JOSE, Calif. ó Bun Bun the rabbit saw his chance for
freedom, and he hopped to it.
any other day, panic would have stricken his owner, my
brother Seth, as Bun Bun vanished into a thicket. The
dappled bunny is ordinarily confined to a cage or
outdoor pen to keep him safe from marauding predators
and fast-moving cars and trucks on a nearby road.
Bun Bun was wearing a fancy gadget on his collar that
was supposed to allow us to keep track of him via a
smartphone app. There was no reason to worry ó until
it quickly became apparent the app didnít work.
my brother and I discovered and many others know, a lost
pet means panic, frantic calculations of direction and
distance and stomach-churning worst-case fears about
what might be happening to the cherished animal at that
very moment. Tech companies are hoping to ease those
fears with tracking devices designed specifically to
help owners keep tabs on their furry friends.
Unfortunately, as we found out, not all of them work as
tested three such devices, which use various
combinations of technology including GPS, cellular, WiFi
and Bluetooth. The results? One clear winner, one that
tracked decently enough but had numerous flaws, and one
whose app didnít work, leading to a low-tech bunny
trackers are a small piece of the $60 billion
pet-products market, but theyíre starting to catch on.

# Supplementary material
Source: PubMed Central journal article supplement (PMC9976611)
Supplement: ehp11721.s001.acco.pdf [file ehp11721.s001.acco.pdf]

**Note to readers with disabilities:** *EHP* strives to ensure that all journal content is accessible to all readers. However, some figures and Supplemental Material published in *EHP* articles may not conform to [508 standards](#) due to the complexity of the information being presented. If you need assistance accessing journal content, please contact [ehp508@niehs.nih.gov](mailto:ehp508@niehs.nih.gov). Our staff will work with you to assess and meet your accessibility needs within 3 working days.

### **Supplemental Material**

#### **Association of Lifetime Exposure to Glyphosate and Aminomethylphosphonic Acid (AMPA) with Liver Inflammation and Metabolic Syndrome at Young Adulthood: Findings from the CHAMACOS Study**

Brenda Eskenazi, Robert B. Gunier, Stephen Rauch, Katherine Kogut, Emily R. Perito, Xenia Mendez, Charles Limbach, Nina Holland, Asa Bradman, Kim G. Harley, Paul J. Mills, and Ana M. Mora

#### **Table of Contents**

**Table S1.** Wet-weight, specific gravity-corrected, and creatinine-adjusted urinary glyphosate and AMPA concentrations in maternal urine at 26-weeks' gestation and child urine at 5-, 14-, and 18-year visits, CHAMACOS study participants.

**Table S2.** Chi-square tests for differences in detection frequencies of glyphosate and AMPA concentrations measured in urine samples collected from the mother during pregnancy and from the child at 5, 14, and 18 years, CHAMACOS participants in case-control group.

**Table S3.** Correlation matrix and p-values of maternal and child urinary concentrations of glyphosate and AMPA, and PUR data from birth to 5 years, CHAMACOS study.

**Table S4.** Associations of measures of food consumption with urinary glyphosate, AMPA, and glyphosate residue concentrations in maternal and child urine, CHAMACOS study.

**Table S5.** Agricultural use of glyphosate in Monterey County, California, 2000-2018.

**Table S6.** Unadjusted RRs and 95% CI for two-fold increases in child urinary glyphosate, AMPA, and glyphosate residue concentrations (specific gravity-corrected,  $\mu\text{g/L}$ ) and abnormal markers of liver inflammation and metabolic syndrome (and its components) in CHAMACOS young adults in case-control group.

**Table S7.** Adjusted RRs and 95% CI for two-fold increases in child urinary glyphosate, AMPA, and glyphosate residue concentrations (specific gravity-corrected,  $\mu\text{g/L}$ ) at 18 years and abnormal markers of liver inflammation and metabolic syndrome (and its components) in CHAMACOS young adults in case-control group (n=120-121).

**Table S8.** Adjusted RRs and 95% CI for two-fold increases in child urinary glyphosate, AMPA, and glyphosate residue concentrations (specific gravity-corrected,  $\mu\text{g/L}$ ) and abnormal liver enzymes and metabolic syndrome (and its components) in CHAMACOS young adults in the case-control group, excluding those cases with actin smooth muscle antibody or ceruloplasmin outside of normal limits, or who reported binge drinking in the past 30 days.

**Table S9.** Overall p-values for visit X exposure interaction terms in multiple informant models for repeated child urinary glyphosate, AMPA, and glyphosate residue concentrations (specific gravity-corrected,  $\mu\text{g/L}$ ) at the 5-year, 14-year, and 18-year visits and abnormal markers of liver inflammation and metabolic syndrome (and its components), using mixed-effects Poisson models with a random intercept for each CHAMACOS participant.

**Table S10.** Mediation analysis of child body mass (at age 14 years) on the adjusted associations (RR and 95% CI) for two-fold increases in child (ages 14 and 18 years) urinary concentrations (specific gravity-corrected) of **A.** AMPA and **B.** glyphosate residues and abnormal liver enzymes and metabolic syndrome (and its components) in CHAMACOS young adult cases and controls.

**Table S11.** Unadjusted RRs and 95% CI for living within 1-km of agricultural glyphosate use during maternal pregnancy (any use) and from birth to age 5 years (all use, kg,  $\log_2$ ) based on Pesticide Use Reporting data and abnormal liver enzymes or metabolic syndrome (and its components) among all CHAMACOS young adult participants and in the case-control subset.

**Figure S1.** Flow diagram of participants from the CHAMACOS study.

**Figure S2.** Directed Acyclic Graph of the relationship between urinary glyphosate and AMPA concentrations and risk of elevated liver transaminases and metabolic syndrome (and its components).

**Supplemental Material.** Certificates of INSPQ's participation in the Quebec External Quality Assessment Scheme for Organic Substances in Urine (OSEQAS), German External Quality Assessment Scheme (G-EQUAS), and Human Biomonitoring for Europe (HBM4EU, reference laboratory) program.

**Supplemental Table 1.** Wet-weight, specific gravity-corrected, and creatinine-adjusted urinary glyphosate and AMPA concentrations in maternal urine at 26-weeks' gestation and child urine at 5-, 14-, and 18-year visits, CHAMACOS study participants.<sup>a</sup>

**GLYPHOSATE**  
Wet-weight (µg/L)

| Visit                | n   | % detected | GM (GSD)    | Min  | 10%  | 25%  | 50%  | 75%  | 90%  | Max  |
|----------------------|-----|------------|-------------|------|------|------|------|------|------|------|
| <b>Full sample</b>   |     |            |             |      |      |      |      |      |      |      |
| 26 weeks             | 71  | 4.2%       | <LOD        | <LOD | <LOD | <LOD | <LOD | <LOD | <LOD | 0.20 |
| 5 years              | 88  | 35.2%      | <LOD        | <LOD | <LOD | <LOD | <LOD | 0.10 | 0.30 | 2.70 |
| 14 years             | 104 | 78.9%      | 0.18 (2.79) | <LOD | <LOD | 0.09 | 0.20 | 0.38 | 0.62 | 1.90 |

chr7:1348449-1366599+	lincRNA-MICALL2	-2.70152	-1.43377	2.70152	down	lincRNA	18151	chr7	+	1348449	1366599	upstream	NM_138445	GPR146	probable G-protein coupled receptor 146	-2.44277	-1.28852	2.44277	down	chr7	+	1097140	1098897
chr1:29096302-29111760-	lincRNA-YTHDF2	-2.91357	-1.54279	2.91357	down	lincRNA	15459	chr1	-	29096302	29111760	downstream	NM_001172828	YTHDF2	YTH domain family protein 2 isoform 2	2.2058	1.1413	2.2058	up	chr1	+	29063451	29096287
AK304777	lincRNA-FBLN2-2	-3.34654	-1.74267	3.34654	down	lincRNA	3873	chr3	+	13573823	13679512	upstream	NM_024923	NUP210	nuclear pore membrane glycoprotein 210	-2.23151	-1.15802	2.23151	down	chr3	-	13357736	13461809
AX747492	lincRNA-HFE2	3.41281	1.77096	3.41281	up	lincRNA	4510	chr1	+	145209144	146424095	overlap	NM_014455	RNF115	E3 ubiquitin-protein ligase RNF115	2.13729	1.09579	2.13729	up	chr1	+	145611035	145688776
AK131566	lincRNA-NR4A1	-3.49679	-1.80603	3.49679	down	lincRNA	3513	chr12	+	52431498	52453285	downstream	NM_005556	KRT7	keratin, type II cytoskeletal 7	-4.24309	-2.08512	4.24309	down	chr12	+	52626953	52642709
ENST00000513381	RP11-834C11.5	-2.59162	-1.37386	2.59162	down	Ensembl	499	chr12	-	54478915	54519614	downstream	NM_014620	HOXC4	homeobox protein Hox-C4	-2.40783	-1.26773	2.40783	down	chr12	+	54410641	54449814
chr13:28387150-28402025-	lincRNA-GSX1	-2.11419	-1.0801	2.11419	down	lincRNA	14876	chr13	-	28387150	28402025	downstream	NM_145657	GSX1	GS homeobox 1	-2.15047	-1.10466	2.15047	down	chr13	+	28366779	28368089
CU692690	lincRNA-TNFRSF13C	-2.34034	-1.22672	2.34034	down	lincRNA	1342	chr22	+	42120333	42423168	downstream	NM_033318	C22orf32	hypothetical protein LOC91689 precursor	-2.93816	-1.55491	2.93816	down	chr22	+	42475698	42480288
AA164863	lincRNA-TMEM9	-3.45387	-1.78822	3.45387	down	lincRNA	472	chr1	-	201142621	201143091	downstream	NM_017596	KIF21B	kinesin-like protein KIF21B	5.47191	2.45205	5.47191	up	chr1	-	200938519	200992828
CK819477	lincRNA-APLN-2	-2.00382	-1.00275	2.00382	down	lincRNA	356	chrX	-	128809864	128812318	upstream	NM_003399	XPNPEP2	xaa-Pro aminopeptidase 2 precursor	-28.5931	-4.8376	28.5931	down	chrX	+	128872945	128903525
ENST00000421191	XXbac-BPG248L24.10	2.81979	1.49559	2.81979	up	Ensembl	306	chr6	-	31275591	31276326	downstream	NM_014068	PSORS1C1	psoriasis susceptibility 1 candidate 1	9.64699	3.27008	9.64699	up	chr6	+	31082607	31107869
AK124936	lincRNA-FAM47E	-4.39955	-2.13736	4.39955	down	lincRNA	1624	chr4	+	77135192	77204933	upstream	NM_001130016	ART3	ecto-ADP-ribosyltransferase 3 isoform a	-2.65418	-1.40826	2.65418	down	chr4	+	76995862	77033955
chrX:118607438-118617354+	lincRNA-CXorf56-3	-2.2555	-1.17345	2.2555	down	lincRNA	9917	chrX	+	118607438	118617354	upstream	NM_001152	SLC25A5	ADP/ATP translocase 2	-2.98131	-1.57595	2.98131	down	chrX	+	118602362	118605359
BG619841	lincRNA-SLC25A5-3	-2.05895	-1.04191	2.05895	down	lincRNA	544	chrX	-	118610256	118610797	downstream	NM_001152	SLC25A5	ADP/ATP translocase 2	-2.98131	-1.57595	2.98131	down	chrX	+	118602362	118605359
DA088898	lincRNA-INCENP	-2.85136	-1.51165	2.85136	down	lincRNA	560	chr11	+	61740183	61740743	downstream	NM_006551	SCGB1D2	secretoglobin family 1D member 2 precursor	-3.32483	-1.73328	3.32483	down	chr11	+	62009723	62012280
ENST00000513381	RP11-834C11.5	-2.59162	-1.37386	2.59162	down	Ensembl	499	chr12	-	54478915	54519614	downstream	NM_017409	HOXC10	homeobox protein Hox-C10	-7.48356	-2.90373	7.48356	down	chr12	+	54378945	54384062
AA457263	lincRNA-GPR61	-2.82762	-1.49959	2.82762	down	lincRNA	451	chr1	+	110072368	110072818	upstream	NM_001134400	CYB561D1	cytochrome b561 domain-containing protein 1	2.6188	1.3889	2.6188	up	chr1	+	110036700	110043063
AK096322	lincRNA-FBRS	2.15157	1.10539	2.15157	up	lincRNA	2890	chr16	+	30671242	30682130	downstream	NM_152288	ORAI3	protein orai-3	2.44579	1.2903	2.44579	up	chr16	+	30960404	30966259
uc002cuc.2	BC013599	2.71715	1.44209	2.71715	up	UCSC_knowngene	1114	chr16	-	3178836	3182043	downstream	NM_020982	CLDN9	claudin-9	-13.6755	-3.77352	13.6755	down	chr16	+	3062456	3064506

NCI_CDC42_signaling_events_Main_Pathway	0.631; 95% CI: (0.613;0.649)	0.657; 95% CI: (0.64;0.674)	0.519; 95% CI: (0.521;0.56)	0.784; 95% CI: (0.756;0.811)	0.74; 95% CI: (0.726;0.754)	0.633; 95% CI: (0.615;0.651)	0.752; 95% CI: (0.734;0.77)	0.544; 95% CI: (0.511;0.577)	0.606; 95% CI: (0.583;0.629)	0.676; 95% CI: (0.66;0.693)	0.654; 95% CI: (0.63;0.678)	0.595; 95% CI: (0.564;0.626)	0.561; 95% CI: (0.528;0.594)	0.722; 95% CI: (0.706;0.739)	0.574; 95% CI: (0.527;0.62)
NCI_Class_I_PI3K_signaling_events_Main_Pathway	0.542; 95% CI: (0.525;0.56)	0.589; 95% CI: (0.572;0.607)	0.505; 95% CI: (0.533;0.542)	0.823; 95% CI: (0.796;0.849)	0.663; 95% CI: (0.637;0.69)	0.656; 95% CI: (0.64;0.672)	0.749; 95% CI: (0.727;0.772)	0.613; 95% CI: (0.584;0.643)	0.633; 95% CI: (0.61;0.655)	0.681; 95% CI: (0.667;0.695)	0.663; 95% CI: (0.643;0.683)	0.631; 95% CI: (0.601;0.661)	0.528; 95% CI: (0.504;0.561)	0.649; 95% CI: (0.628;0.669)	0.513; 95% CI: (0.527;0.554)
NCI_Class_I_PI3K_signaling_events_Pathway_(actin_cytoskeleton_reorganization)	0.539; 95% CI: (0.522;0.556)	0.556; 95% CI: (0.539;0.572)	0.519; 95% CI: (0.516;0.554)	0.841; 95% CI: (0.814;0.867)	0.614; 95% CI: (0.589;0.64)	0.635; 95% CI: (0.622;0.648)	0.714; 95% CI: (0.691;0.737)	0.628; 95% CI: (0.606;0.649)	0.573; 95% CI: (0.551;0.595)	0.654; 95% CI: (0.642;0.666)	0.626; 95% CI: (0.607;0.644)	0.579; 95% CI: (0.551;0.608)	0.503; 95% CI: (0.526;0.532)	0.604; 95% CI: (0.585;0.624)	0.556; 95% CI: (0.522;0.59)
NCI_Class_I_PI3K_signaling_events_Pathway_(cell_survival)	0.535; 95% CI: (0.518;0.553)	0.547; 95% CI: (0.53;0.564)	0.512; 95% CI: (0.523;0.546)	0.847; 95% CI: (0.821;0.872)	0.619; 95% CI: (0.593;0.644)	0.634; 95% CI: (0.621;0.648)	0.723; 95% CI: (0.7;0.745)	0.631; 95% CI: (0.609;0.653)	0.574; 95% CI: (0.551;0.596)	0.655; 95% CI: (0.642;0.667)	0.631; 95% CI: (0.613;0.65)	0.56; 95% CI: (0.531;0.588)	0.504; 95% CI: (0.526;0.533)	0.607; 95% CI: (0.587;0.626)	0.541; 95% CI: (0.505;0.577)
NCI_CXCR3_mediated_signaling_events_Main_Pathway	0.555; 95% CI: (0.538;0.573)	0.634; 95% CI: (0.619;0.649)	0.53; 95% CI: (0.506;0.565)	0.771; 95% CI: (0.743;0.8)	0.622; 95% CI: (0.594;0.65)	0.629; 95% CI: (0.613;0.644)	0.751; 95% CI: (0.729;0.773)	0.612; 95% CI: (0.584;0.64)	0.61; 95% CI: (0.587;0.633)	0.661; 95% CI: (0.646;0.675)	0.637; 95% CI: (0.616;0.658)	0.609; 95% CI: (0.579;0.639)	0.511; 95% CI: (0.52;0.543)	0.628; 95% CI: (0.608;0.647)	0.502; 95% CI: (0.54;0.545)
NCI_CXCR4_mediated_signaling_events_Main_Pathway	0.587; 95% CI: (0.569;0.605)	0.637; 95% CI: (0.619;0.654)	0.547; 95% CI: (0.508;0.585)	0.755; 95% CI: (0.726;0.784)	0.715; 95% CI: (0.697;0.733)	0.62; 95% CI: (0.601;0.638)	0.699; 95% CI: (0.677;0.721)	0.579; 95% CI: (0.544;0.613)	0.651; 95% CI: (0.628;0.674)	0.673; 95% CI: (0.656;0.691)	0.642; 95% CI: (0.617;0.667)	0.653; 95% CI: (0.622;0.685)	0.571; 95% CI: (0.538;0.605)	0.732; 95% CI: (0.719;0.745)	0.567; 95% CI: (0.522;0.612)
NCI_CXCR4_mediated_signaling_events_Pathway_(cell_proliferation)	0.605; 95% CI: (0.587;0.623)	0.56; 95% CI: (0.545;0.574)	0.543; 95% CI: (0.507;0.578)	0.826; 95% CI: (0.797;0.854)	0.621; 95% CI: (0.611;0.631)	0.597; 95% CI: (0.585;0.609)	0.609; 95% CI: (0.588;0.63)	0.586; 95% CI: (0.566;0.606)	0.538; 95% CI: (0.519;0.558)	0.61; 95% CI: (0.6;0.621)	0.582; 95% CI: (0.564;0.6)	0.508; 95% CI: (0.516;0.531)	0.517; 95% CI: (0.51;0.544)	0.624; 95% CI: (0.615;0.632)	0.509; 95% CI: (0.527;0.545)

Research firm Technavio projects 16 percent annual
growth in the market for trackers and similar wearable
pet devices through 2020 as the value of the segment
climbs from 2015ís $890 million to $1.9 billion.
three gadgets I tested fasten to an animalís collar
and are supposed to allow the owners to find their
wayward beasts on a smartphone map. Plus, the trackers I
tested allow users to set safety zones around their petís
domestic location, and receive an alert when the animal
breaches the invisible perimeter.
put the Whistle GPS Pet Tracker on Bun Bun, and also
worked with the folks at the Santa Cruz County Animal
Shelter, fastening a Gibi tracker onto Darlette, a
small, puffy white poodle mix, and a Pod device onto
Piper, a bright-eyed terrier mix. I tracked the dogs by
smartphone on their morning walk with a volunteer and a
shelter staff member.
Whistle and Pod devices also allow for monitoring a petís
activity level, but I did not test that function.
Bun, a sociable rabbit the size of a small housecat,
proved a worthy test subject ó he got lost faster than
you could say "whereís that rabbit?" Shelter
mutts Darlette and Piper also played effective roles as
tracking-device quarry, ambling down to Woods Lagoon on
a sunny morning. I followed them for about an hour on a
smartphone, spending about a third of that time on
speakerphone with a man from Gibi customer service who
outlined the limitations of the device and app.
had no problems to speak of with the Pod device.
Tracking was easy, as the app showed the positions of
the dog wearing the device and of the person following
the dog by phone, and could refresh the animalís
location quickly, usually inside 30 seconds. Alerts
about the tracking device exiting the safe zone arrived
Pod even comes with two batteries, so the device can be
kept running and charged at all times.
only complaint with the Pod was the method of fastening
it to a petís collar: essentially a rubbery strap
resembling a zip tie. It was hard to tell if it was
attached properly. The strap did the job, though, and
withstood serious efforts to break it with brute force.
contrast to the Pod, Gibi has a major flaw: when
tracking on a smartphone, the location of that device